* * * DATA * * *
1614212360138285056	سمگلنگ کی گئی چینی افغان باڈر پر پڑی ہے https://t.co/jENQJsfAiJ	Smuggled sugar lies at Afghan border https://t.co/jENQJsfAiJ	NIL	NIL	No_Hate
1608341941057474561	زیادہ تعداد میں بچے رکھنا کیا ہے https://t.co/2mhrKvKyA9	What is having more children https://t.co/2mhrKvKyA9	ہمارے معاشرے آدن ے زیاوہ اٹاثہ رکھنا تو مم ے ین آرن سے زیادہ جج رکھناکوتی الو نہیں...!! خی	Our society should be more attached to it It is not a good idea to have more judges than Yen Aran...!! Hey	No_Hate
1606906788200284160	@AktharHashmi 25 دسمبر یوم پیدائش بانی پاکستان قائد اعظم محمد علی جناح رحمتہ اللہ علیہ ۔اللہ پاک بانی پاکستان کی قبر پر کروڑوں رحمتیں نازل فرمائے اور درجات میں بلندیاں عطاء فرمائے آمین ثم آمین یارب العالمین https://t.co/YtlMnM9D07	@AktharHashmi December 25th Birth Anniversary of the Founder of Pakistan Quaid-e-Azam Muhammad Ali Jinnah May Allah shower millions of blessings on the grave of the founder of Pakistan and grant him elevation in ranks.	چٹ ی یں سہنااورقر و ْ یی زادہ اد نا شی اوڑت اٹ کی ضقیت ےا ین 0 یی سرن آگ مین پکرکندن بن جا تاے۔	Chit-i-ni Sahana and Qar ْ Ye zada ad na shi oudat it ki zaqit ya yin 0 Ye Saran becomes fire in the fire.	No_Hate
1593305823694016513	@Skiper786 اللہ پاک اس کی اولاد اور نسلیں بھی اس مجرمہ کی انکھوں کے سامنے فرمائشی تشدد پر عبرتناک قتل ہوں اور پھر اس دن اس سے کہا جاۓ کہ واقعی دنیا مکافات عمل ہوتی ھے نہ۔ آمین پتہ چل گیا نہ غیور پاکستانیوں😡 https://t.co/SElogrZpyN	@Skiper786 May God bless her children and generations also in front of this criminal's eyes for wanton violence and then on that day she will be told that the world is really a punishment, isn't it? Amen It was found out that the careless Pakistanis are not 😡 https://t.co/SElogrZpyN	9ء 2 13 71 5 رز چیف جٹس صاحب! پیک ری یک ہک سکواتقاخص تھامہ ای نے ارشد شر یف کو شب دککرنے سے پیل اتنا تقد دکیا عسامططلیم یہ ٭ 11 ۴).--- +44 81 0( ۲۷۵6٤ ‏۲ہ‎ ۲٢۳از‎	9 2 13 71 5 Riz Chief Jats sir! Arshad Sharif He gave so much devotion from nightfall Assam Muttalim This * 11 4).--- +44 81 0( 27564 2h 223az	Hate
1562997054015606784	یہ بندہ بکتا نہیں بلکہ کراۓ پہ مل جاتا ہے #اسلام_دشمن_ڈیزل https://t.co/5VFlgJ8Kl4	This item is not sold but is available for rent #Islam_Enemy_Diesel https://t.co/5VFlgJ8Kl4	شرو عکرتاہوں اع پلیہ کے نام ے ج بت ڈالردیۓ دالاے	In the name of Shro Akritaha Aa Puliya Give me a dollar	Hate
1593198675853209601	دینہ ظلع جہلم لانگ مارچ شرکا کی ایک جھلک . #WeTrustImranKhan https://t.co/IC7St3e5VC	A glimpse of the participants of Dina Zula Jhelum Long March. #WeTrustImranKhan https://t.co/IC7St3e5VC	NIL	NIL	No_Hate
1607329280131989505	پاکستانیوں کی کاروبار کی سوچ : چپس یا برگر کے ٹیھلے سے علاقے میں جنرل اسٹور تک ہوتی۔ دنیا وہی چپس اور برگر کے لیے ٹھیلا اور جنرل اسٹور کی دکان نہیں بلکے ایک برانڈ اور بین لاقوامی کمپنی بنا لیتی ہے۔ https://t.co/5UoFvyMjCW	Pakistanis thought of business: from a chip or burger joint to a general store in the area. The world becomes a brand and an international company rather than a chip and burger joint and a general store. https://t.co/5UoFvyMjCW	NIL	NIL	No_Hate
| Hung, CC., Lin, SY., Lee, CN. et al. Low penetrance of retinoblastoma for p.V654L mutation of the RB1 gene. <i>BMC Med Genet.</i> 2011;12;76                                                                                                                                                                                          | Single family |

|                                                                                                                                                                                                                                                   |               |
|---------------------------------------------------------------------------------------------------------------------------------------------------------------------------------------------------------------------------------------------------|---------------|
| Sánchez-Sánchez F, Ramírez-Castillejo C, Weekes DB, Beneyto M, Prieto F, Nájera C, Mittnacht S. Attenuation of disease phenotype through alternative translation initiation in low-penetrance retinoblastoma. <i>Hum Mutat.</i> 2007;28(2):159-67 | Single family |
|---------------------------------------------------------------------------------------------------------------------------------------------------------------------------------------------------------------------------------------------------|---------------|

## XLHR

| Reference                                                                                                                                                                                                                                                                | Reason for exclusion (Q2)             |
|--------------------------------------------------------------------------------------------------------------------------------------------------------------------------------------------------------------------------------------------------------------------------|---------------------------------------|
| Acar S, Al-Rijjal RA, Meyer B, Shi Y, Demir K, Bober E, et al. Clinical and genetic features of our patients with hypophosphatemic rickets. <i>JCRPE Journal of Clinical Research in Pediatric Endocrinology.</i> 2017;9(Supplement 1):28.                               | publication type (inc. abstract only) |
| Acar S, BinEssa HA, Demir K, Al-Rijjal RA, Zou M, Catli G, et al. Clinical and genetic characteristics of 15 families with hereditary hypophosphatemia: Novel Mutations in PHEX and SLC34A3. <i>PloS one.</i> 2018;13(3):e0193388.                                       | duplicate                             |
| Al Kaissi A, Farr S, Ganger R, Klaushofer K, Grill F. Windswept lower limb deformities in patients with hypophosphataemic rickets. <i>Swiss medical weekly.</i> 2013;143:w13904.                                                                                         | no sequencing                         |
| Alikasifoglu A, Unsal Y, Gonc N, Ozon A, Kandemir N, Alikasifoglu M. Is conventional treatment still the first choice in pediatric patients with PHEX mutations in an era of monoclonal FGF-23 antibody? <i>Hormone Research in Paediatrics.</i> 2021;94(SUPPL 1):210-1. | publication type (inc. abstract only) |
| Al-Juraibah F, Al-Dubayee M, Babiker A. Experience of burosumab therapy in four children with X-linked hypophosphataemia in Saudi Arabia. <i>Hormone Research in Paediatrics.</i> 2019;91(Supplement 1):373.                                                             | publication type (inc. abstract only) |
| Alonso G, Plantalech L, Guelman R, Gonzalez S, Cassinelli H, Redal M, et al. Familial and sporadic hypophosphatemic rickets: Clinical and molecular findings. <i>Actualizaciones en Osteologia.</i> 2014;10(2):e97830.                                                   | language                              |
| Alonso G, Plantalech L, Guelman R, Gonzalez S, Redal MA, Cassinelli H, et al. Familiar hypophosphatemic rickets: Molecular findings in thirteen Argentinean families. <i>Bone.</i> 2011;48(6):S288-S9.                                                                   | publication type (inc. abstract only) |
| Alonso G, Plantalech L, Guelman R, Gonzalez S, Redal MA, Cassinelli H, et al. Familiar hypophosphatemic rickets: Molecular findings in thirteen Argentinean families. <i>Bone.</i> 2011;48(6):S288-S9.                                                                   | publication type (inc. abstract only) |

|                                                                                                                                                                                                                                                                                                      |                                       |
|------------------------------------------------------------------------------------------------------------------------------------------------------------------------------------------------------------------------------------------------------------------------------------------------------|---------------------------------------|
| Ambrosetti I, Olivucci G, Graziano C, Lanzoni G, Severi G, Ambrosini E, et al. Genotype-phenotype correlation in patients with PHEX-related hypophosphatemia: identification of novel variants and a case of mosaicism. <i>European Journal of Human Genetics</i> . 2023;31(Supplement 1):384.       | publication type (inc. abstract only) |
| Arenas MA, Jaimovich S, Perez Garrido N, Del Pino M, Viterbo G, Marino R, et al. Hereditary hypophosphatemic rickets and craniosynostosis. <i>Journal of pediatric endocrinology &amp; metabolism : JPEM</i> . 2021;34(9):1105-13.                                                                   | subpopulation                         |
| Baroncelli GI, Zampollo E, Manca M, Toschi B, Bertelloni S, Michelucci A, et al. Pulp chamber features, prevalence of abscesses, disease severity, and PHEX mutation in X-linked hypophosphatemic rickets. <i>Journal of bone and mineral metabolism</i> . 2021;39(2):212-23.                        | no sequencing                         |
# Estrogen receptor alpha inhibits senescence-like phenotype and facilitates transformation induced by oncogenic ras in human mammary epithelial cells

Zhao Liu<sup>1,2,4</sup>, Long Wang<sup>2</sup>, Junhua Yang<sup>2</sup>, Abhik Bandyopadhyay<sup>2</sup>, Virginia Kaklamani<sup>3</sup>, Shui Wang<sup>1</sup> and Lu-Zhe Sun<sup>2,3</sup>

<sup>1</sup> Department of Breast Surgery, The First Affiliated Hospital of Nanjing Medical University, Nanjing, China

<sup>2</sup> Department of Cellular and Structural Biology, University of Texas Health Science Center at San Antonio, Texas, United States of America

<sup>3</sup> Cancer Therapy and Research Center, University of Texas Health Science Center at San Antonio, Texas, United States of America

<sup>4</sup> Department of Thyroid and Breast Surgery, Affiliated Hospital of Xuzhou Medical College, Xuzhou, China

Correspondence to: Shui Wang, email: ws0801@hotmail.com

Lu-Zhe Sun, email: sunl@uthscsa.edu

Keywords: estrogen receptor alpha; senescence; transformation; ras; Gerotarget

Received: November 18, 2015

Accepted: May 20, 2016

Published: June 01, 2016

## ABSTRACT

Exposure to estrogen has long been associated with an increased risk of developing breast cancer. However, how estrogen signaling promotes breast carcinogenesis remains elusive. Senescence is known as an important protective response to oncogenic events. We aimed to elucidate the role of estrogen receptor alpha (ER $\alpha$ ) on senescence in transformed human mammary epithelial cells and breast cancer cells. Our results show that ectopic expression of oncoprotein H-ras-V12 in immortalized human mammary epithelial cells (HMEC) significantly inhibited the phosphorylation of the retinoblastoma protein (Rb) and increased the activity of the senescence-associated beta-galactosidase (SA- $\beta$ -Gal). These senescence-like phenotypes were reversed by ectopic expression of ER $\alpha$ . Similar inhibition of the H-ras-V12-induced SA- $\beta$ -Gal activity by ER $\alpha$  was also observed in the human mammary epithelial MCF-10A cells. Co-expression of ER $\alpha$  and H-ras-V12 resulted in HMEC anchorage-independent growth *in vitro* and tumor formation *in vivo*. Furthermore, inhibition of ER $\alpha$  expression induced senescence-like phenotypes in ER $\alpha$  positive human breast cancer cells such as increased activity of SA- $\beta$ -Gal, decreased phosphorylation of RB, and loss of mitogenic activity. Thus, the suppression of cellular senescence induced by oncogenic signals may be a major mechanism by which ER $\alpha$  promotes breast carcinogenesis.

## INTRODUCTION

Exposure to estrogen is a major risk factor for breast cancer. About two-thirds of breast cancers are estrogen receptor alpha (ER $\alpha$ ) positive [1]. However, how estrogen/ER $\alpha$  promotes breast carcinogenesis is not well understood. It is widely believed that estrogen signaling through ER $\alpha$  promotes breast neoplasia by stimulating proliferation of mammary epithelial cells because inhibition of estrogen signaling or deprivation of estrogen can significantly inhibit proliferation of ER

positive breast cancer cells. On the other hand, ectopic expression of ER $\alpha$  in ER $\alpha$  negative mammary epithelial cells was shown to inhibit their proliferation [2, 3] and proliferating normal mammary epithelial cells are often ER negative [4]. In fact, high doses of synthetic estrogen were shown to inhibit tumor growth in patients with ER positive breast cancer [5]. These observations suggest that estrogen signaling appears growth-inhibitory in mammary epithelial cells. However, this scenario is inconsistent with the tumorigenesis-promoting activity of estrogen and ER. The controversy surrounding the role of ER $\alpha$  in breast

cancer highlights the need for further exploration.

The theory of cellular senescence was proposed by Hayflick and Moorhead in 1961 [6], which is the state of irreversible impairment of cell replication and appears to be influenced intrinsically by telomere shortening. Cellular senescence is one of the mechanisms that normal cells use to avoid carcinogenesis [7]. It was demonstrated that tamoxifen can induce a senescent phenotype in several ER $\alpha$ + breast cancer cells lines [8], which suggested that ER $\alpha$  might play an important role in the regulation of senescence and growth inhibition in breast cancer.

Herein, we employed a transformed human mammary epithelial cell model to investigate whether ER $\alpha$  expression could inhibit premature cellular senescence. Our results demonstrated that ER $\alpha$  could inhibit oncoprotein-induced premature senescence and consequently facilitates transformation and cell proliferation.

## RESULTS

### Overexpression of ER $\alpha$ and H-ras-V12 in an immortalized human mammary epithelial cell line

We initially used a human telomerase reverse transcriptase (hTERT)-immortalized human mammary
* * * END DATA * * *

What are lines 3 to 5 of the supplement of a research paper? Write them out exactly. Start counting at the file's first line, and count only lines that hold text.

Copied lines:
1606906788200284160	@AktharHashmi 25 دسمبر یوم پیدائش بانی پاکستان قائد اعظم محمد علی جناح رحمتہ اللہ علیہ ۔اللہ پاک بانی پاکستان کی قبر پر کروڑوں رحمتیں نازل فرمائے اور درجات میں بلندیاں عطاء فرمائے آمین ثم آمین یارب العالمین https://t.co/YtlMnM9D07	@AktharHashmi December 25th Birth Anniversary of the Founder of Pakistan Quaid-e-Azam Muhammad Ali Jinnah May Allah shower millions of blessings on the grave of the founder of Pakistan and grant him elevation in ranks.	چٹ ی یں سہنااورقر و ْ یی زادہ اد نا شی اوڑت اٹ کی ضقیت ےا ین 0 یی سرن آگ مین پکرکندن بن جا تاے۔	Chit-i-ni Sahana and Qar ْ Ye zada ad na shi oudat it ki zaqit ya yin 0 Ye Saran becomes fire in the fire.	No_Hate
1593305823694016513	@Skiper786 اللہ پاک اس کی اولاد اور نسلیں بھی اس مجرمہ کی انکھوں کے سامنے فرمائشی تشدد پر عبرتناک قتل ہوں اور پھر اس دن اس سے کہا جاۓ کہ واقعی دنیا مکافات عمل ہوتی ھے نہ۔ آمین پتہ چل گیا نہ غیور پاکستانیوں😡 https://t.co/SElogrZpyN	@Skiper786 May God bless her children and generations also in front of this criminal's eyes for wanton violence and then on that day she will be told that the world is really a punishment, isn't it? Amen It was found out that the careless Pakistanis are not 😡 https://t.co/SElogrZpyN	9ء 2 13 71 5 رز چیف جٹس صاحب! پیک ری یک ہک سکواتقاخص تھامہ ای نے ارشد شر یف کو شب دککرنے سے پیل اتنا تقد دکیا عسامططلیم یہ ٭ 11 ۴).--- +44 81 0( ۲۷۵6٤ ‏۲ہ‎ ۲٢۳از‎	9 2 13 71 5 Riz Chief Jats sir! Arshad Sharif He gave so much devotion from nightfall Assam Muttalim This * 11 4).--- +44 81 0( 27564 2h 223az	Hate
1562997054015606784	یہ بندہ بکتا نہیں بلکہ کراۓ پہ مل جاتا ہے #اسلام_دشمن_ڈیزل https://t.co/5VFlgJ8Kl4	This item is not sold but is available for rent #Islam_Enemy_Diesel https://t.co/5VFlgJ8Kl4	شرو عکرتاہوں اع پلیہ کے نام ے ج بت ڈالردیۓ دالاے	In the name of Shro Akritaha Aa Puliya Give me a dollar	Hate